The tax report also shows that Burns was paid an annual salary of $96,336 plus $38,987 in "other compensation" in 2016. The year prior, her annual salary was $93,000 plus $21,494 in other compensation.
But tax reports also show that the agency posted a deficit her first two full years on the job. She was hired in July 2014. The deficit was $238,725 in 2015, and more than $140,000 in 2016.
Stone said that East Central has had a difficult time keeping a chief financial officer.
In the organization's 2015 IRS tax report, a financial officer was listed as being employed through May of that year at an annual salary of $63,259. The following year's IRS report listed no chief financial officer for any part of the year.
In the seven-page letter sent to Burns on Thursday outlining all of its concerns in detail and asking for her resignation, the state agency says that based on the significant deficiencies and the failure of East Central under Burns' leadership to properly serve the community, a corrective action plan is no longer a feasible option.
"The only path forward is a change in East Central's leadership," the letter states, adding that if Burns is unwilling to follow the department's demand, then it may take further action, including "suspending and/or terminating East Central's Grants, and commencing a proceeding to de-designate East Central as a Local Action Agency, if necessary to best serve the low-income community."
The agency also said in the letter that representatives will be in attendance at East Central's next board meeting Tuesday.
Some highlights of the state agency's concerns:
— Between 2017 and 2018, East Central spent only $585,401 of the $1.1 million awarded for home-weatherization projects for low-income residents.
— The agency has knowledge of a conflict of interest involving a member of the executive leadership team that falls under Burns' management. A relative of an executive team member was given two contracts using department grant funds over which the executive team member had supervisory authority, a "direct violation of the conflict of interest policy in East Central's operations manual," according to the state agency.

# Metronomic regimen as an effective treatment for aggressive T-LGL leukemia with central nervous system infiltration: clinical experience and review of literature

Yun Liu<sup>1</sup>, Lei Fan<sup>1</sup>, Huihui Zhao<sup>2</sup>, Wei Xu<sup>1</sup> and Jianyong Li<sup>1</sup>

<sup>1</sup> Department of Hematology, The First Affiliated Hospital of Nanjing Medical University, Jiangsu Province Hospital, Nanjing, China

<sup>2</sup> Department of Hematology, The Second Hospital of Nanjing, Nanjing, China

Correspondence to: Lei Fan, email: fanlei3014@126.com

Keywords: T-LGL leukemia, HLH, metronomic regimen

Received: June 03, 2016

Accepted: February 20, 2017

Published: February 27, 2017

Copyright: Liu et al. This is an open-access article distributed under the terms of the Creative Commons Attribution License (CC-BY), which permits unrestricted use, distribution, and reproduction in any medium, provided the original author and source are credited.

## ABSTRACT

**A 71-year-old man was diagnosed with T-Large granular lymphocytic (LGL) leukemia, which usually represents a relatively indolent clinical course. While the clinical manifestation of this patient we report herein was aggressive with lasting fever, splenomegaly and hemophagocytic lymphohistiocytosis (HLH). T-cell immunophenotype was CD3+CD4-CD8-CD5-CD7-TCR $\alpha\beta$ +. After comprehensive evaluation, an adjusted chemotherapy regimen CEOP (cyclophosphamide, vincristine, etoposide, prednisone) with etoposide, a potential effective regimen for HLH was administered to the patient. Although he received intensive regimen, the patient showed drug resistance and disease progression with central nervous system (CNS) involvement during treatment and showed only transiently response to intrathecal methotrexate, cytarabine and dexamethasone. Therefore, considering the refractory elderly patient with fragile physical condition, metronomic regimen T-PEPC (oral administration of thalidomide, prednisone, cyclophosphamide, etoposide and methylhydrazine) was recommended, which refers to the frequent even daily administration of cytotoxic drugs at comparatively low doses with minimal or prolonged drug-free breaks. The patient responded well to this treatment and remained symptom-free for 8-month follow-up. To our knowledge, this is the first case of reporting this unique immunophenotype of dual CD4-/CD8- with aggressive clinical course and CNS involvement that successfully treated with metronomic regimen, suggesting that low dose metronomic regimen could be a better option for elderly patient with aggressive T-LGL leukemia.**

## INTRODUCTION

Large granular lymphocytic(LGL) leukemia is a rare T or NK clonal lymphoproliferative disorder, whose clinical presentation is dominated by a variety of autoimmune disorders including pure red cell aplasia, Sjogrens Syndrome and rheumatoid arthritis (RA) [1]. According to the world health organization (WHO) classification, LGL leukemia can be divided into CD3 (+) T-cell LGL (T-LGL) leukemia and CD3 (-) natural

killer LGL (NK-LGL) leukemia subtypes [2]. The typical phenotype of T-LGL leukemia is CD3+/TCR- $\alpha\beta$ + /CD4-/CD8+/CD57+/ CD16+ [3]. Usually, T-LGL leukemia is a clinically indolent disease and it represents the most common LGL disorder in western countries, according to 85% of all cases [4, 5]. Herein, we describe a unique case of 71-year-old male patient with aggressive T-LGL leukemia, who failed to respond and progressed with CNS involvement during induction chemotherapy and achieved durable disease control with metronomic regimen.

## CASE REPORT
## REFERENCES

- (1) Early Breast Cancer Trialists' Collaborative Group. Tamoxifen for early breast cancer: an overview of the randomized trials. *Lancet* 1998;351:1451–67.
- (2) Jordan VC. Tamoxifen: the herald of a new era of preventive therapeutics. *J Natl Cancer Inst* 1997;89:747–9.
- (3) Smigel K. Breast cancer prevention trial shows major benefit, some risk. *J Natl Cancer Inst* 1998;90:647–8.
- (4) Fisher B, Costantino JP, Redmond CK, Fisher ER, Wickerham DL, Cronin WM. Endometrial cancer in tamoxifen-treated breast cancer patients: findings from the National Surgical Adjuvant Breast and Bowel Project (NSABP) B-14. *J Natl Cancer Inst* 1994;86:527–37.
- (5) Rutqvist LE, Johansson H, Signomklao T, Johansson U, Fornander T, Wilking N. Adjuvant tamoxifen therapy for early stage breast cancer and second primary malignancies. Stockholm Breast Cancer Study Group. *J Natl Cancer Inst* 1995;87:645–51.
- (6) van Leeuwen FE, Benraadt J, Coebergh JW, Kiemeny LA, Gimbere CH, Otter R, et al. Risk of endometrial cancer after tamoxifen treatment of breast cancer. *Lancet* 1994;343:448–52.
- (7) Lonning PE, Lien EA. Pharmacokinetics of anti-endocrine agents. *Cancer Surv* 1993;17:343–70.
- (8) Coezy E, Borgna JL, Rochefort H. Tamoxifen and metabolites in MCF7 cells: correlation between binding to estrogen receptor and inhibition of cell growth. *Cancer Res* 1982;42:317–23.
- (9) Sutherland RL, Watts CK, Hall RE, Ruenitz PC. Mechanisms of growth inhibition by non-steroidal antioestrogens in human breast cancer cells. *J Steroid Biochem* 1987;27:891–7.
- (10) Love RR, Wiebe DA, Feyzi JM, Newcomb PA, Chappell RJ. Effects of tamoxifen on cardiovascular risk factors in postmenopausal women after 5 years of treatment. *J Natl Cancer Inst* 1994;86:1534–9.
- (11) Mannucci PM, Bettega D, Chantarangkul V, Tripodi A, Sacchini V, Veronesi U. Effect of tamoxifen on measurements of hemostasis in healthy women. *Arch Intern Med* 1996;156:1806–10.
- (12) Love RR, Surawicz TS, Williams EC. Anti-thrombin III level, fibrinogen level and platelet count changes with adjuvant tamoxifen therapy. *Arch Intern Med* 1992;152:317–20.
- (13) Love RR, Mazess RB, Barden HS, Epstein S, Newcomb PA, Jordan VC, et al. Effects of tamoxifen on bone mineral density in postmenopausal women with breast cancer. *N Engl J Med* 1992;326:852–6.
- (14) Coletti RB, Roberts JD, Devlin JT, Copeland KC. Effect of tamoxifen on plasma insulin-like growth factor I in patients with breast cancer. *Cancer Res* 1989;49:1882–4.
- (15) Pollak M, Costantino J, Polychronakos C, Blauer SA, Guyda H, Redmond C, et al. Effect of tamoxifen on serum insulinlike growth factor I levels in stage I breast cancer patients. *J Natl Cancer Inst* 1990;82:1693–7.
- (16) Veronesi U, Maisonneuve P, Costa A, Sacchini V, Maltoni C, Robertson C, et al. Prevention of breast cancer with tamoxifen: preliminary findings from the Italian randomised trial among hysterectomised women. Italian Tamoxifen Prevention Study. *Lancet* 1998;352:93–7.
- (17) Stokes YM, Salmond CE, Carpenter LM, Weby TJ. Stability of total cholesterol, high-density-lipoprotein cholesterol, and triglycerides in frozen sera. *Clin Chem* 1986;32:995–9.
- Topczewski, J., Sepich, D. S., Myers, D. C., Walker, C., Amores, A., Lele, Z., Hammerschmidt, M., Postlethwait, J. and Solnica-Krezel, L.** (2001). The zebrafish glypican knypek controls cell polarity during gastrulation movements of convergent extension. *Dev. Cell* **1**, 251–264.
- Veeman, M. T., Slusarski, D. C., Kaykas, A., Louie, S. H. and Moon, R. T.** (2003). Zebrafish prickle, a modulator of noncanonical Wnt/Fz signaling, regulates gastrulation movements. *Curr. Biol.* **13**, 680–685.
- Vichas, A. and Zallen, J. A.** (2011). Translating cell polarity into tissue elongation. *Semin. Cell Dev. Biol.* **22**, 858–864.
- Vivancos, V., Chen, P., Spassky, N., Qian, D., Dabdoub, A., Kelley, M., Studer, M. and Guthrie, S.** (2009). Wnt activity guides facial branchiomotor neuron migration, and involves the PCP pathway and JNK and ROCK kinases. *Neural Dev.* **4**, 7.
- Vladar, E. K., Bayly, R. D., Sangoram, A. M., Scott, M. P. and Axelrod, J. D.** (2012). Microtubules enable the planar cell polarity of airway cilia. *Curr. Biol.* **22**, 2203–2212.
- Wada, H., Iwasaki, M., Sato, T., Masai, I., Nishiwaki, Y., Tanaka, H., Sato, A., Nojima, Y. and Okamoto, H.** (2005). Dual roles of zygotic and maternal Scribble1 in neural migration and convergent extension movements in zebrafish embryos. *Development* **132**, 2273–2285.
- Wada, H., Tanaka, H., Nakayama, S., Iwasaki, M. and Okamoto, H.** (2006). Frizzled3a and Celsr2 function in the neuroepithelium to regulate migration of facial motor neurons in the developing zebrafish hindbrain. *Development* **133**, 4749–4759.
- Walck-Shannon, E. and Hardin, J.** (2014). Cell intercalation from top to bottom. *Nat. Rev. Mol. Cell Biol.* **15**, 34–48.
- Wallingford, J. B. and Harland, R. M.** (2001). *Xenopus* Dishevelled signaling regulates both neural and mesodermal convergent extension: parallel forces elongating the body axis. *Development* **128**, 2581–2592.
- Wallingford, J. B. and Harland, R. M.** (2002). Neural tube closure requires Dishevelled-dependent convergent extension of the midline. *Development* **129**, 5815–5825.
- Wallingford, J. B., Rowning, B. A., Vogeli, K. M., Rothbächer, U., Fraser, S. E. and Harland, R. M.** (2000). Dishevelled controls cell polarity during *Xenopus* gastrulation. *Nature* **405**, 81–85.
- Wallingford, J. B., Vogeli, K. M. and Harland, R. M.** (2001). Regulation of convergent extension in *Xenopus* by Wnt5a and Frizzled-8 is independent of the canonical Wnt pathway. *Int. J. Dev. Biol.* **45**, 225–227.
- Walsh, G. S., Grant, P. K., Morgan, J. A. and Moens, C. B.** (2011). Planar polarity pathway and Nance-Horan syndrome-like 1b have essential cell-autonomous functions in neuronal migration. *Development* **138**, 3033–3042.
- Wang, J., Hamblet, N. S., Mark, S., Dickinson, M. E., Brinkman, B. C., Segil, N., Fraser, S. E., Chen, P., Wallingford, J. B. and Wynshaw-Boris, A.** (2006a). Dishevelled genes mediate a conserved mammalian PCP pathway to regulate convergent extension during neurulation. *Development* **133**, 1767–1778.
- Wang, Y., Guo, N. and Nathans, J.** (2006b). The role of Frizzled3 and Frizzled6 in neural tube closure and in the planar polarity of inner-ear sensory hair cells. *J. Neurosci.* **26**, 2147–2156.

— East Central is down 14 percent in applications for its Low Income Home Energy Assistance program, compared to a statewide decline of 3.79 percent.
— East Central consistently spends an average of only 48 percent of its furnace-assistance funds per program year.
— A $200,000 late payment to Embarras River Basin Agency, a weatherization contractor, caused that agency to cease its relationship with East Central.
— Due to disallowed grant costs submitted by East Central and its failure to submit required grant documentation, the state agency locked the local agency's federal employer ID number from March 16 to April 17, and referred the situation to legal.
— East Central had drawn grant block funds of more than $38,000 and not used them for their intended purpose as identified by external auditors. The misappropriated funds should have been returned to the department with the closeout for the grant in August 2017, but the refund check was not received by the department until April 2019.